Baruch’s Harman Writer-in-Residence
Program Celebrates 10th Anniversary
New York, NY – April 22, 2008—The 10th anniversary celebration of Baruch’s Sidney Harman Writer-in-Residence Program brought some of the biggest names in literature together for a reunion that reflected the College’s passionate regard for the written and spoken word, and its commitment to a curriculum in which the arts play an integral role. The gala event took place April 16 in the panoramic Oval Room of the College’s Newman Vertical Campus building.
The program is endowed in the College’s Weissman School of Arts & Sciences thanks to the creative vision and generous gift of Baruch alumnus Dr. Sidney Harman (’39), executive chairman of Harman International Industries, Inc., and a pioneer in the high-fidelity industry.
U.S. poet laureate and current Harman-Writer-in-Residence Charles Simic (left) with Dr. Sidney Harman ('39)
"Writing is the key that unlocks one’s critical judgment,” says Harman.
Possessing a belief that the power of the arts could not only be harnessed for personal discovery and creative fulfillment, but could also transform and improve business practices, Harman teamed with Baruch journalism professor Roslyn Bernstein, the program’s director since its inception, to create the unique literary salon that has brought 20 distinguished poets, novelists, and non-fiction writers to campus since 1998.
Harman program director Professor Roslyn Bernstein
After a cocktail reception and light supper, students, faculty, staff, and alumni listened to former writers-in-residence reminisce and praise their students’ diligence, creativity, and intelligence.
Current U.S. poet laureate and present Harman Writer-in-Residence Charles Simic said his own background as an immigrant helped him relate to his students. “I have tremendous affection and sympathy for my students living the same life. I am honored to be here.”
“We judge a civilization by the art it makes,” proclaimed renowned Pulitzer Prize-winning playwright Edward Albee, writer-in-residence during fall 2000. Fall 2002 writer Philip Gourevitch emphasized the importance of good writing in the 21st century, “Especially now, when words can mean so little, and often the opposite of their true definitions.”
“My students were so alert, so alive, so courteous,” enthused Lorrie Moore of her class in the spring of 2000. Novelist Sigrid Nunez, writer in fall 2007, applauded her students’ “humility, lack of vanity, and hard, hard work,” while fall 2006 writer Susan Choi deemed Baruch students the “least annoying, least pretentious students,” she had ever taught.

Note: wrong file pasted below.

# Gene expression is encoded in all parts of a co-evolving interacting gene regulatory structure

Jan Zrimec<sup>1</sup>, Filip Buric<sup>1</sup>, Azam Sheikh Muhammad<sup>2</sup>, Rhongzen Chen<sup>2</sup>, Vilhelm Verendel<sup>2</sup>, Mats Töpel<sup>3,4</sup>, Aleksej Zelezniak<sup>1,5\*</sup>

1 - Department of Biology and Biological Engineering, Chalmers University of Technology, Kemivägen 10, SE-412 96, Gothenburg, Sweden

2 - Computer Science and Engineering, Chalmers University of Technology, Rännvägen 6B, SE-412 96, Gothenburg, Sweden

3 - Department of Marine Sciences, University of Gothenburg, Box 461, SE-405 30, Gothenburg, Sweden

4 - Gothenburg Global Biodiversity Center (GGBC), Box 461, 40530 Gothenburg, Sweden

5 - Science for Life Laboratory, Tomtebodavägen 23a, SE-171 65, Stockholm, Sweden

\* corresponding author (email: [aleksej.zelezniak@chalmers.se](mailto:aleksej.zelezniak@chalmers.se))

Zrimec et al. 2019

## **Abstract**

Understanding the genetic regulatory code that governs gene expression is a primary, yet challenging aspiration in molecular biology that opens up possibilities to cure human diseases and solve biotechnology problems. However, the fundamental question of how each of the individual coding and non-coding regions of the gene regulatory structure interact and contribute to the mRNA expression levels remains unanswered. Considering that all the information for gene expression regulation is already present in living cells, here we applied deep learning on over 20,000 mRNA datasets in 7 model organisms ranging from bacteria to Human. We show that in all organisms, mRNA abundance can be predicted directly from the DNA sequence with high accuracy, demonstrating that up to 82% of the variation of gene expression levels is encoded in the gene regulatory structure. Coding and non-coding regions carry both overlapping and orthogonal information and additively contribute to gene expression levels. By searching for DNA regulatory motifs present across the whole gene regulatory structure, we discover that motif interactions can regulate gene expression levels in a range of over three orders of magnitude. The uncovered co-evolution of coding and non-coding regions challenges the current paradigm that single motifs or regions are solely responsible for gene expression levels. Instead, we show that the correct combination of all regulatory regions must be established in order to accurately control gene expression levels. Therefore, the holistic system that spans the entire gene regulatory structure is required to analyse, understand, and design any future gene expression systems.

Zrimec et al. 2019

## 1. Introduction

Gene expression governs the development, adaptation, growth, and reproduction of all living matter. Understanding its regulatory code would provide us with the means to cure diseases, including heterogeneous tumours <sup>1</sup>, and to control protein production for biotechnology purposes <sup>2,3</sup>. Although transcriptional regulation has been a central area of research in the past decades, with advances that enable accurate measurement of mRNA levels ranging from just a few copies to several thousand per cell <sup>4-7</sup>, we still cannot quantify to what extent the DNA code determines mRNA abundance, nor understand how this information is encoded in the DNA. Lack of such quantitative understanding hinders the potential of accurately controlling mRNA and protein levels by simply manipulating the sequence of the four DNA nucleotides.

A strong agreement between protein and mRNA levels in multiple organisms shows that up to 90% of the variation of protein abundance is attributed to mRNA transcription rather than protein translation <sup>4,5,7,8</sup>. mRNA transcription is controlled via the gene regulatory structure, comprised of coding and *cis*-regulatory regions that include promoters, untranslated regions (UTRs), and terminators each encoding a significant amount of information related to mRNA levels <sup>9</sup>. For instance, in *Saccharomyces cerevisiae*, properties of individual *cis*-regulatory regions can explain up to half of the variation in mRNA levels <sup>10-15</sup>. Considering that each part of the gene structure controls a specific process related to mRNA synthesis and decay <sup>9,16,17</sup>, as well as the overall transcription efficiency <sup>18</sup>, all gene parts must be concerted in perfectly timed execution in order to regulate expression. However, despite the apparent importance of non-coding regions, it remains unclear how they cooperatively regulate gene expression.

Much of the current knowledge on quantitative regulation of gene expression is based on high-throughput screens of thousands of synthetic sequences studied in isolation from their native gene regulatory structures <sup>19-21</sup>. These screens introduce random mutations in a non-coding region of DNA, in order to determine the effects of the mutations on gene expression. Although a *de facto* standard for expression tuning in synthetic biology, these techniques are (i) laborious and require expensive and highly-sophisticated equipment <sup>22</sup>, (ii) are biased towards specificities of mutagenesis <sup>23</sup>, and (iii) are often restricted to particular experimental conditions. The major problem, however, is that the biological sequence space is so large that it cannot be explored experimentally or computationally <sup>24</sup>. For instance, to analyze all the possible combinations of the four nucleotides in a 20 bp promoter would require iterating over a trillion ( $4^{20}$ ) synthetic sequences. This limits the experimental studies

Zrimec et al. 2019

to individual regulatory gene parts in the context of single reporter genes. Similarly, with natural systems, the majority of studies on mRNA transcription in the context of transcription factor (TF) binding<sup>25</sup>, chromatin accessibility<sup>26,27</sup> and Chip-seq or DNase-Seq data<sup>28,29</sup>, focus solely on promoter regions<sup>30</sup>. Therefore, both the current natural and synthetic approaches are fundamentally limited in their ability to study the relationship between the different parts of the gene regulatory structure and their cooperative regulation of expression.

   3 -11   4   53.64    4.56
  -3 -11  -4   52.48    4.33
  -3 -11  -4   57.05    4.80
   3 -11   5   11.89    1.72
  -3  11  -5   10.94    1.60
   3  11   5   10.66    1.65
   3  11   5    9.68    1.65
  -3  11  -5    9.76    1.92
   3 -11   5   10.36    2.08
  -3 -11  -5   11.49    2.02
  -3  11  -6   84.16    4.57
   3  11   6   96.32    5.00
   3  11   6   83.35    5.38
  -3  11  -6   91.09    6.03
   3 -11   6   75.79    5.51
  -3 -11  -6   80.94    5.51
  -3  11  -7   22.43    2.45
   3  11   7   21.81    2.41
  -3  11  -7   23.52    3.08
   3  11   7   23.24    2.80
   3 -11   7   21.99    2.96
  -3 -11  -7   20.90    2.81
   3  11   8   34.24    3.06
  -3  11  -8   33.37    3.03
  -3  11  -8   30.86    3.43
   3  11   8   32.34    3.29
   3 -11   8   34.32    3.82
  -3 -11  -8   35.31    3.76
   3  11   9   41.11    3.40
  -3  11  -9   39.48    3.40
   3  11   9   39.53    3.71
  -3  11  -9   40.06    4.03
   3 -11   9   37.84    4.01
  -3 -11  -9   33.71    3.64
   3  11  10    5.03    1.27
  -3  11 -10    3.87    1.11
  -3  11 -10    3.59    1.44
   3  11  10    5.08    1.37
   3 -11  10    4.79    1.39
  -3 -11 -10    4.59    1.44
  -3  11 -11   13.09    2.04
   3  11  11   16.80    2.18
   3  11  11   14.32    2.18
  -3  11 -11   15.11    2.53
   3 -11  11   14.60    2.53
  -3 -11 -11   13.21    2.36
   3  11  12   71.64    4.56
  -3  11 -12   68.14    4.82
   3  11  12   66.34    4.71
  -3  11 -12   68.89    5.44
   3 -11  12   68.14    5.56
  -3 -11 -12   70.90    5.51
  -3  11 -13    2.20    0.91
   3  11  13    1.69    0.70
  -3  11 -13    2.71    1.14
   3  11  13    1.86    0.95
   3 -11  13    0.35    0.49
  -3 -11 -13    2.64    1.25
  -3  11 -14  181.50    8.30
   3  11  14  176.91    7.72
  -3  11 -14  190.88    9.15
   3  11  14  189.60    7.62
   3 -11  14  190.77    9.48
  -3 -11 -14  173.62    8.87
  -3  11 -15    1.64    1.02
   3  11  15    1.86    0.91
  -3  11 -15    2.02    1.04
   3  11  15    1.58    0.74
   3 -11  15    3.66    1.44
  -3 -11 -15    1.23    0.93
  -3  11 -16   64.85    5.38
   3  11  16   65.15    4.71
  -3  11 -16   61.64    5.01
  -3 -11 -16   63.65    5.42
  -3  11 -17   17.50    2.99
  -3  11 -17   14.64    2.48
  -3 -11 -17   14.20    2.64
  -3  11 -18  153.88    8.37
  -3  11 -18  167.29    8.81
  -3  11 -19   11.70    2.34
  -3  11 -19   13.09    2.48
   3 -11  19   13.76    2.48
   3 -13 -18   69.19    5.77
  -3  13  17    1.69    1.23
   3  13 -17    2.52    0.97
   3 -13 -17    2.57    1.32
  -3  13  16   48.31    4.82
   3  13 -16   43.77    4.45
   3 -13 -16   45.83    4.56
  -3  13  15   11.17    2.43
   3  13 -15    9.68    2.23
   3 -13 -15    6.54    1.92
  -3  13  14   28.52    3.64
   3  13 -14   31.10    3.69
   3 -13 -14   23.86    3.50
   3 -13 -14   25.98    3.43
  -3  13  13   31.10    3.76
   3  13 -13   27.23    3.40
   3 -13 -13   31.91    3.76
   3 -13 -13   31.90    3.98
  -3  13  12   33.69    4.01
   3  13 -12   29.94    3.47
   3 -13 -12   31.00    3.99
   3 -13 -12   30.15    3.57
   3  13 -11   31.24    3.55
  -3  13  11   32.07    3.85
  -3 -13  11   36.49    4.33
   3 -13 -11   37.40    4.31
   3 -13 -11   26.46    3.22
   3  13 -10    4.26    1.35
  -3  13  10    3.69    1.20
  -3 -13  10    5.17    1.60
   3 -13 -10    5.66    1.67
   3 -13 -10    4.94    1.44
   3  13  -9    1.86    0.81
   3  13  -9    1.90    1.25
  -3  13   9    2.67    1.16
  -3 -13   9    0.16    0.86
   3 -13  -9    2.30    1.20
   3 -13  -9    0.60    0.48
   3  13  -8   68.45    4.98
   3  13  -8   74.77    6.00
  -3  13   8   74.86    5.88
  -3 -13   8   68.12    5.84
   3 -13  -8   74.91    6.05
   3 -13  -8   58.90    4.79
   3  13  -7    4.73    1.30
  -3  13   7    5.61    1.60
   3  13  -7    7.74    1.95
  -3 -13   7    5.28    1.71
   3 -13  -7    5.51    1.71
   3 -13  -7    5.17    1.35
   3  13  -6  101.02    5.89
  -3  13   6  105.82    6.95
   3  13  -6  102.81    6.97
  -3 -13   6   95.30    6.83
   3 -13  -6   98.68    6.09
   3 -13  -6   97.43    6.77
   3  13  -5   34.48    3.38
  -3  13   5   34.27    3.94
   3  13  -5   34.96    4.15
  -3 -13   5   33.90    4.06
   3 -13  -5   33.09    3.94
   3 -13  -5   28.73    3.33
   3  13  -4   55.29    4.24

Sigrid Nunez Susan Choi (left) and Vanessa Strachan ('08)
A number of writers extolled the invigorating classroom discussions they had, expressing gratitude at the chance to participate in such a dynamic experience.
”It was so sublime,” said fall 2005 writer Francisco Goldman, “It was everything you dream an urban college can be. I believe I got more from it than my students possibly could have.”
Paul Auster (left) and Philip Gourevitch
“I loved these students more than any other students I’ve worked with,” said acclaimed post-modern author, poet, essayist, and translator Paul Auster, writer from spring 2002, who noted that in contrast to a similar teaching experience at Duke University, “The Baruch students were on the edge of their seats.”
Mark Kurlansky (right) and alumnus Dov Gold-Medina ('07)
“Writing is about processing ideas and communication,” explained spring 2007 writer Mark Kurlansky. “I don’t know about the students, but I learned a lot from them.”
Baruch students’ deep appreciation for the value of education did not go unnoticed. Perhaps because the majority of Baruch students are immigrants —many are often the first in their family to attend college — they understand the imperative of a strong work ethic better than most.
“We’re not exaggerating when we say that these students had the least sense of entitlement out of all the students we’ve worked with,” said novelist Colum McCann, the spring 2004 writer.
“All these wonderful remarks make me certain I did the right thing by staying at Baruch for 34 years,” said Professor Bernstein, glowing from kudos for her unflagging devotion to the program.
Bill Cheng ('05)
Representing the hundreds of talented Harman students was Bill Cheng (’05), who came to Baruch to major in accounting but decided to pursue his writing aspirations after discovering Paul Auster was the writer-in-residence during his freshman year. Cheng read from his essay praising the program entitled, “The Big Shoe,” and gave the toast honoring the munificence of Dr. Harman.
Baruch College President Kathleen Waldron thanked the writers, saying, “You have honored Baruch and inspired generations of writers by choosing to teach our students, CUNY students.”
Dr. Sidney Harman and Baruch College President Kathleen Waldron
Dr. Harman, eschewing notes and the microphone as he strolled philosophically about the dais, summed up a decade’s worth of creativity deftly: “Writing will in the end be the tool that helps you define what you truly believe in, and that is a gift for everyone.”
For more information on the Harman Writer-in-Residence program visit: http://www.baruch.cuny.edu/wsas/harman/
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